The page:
Makes not investing in NFLX look like a dropped penny. Oh ok, a wallet.
What’s your worst investing mistake, jdubs?
So many “worst investing mistakes” to choose from, Susie B., but I recall buying AAPL in autumn of 2001 when it was at today’s equivalent of $1.25 and selling it after it had triple in value. REN, YOU IDIOT!
I distinctly recall making a lot more money from my Geno book than I expected, which was satisfying after the No. 2 guy at SI had frozen my salary for three months as I struggled to finish it, then laid me off on the final day of the frozen salary (yeah, I’m still angry at him). Anyway, suddenly I have this cash windfall and I toyed with the idea of putting the first big installment entirely into AAPL stock. Had I done so and never touched it, that decision would have been worth about $11,000,000.
The lesson: Don’t be afraid to take a chance, kids.
It’s Tues 1/30/18 at 10:37 AM & I just now read your comment….$11 MILLION DOLLARS! OMG! Geeze jdubs, do you sleep at night? Cry at inopportune times & locations? I’m SOOOOO sorry for you but I must say, this makes ME feel much better about MY “mistakes”. 😉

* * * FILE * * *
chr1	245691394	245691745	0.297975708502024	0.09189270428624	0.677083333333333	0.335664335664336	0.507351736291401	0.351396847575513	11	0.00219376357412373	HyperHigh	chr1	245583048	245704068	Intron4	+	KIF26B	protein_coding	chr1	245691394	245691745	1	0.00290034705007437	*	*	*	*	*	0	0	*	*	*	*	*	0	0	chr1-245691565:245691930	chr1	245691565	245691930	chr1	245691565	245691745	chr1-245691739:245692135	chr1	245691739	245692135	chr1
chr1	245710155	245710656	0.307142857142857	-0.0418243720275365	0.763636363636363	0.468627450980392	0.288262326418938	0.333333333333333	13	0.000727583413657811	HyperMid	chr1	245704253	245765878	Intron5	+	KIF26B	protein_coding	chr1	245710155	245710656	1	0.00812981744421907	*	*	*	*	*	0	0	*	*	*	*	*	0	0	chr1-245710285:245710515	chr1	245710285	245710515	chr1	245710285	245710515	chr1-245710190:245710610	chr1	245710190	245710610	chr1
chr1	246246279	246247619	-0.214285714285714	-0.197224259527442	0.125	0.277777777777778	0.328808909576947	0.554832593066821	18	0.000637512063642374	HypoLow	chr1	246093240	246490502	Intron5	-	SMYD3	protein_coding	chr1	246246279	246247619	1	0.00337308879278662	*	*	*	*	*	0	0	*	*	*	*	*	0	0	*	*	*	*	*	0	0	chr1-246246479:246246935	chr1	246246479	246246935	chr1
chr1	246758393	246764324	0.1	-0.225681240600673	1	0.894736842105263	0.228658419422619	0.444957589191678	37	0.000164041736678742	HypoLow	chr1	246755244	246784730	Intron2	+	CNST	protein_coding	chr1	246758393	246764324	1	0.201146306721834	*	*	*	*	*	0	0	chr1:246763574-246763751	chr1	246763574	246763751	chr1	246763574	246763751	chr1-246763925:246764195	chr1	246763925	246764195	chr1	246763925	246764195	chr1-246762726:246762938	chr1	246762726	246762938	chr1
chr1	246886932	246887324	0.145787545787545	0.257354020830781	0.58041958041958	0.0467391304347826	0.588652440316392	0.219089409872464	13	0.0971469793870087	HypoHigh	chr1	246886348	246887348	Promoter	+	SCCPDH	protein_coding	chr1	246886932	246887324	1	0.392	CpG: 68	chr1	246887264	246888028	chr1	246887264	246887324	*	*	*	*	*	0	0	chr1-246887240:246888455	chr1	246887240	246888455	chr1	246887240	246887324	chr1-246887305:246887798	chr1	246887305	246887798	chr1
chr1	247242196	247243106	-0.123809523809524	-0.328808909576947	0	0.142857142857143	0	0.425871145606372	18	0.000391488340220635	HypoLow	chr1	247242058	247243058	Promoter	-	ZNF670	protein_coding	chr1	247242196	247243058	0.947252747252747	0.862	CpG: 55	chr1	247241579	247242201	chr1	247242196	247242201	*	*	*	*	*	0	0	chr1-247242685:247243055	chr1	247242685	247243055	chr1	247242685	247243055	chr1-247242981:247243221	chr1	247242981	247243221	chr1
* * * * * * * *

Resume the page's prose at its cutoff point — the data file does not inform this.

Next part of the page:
Question – if you HAD bought that AAPL stock, do you think you’d STILL own it today? Since by your own admission, you seem, er, quick to pull the sell trigger. I’m thinking you’d own at least half, right? Or maybe bought a NYC apartment?
Anyhoo, maybe you have “learned” from your “mistakes” but for me, the truth is I would NEVER invest $36,000 into one stock (unless I have won at least $10 million in the lottery [after taxes] 1st). Yep, the only way that could have happened is if my current self traveled back in time & tied my then-self into a chair complete with a gagged mouth so I could sell the mutual funds & buy the stock. 🙂
For the record, Susie B., $36,000 is not the correct figure. Not sure where you got that.
The $36,000 is what I would have spent to buy 1000 shares of AMZN the day I bought my little 50. Sorry if I wasn’t clear. I was trying to say even knowing the huge windfalls that could come from buying the right stock at the right time, *I* just couldn’t do it (unless my time-traveling future self stepped in).
The good news (for me) is that I did NOT use all my original cash on RIMM. Which if I had, not only would I not have a 39-bagger, I’d have less than HALF my investment right now. At the time, the “experts” ALL touted RIMM as being a better investment….
I’m assuming to get to $11 million within less than 20 years, you’d have had to invest more than $36000. Unless it was a cryptocoin. 😉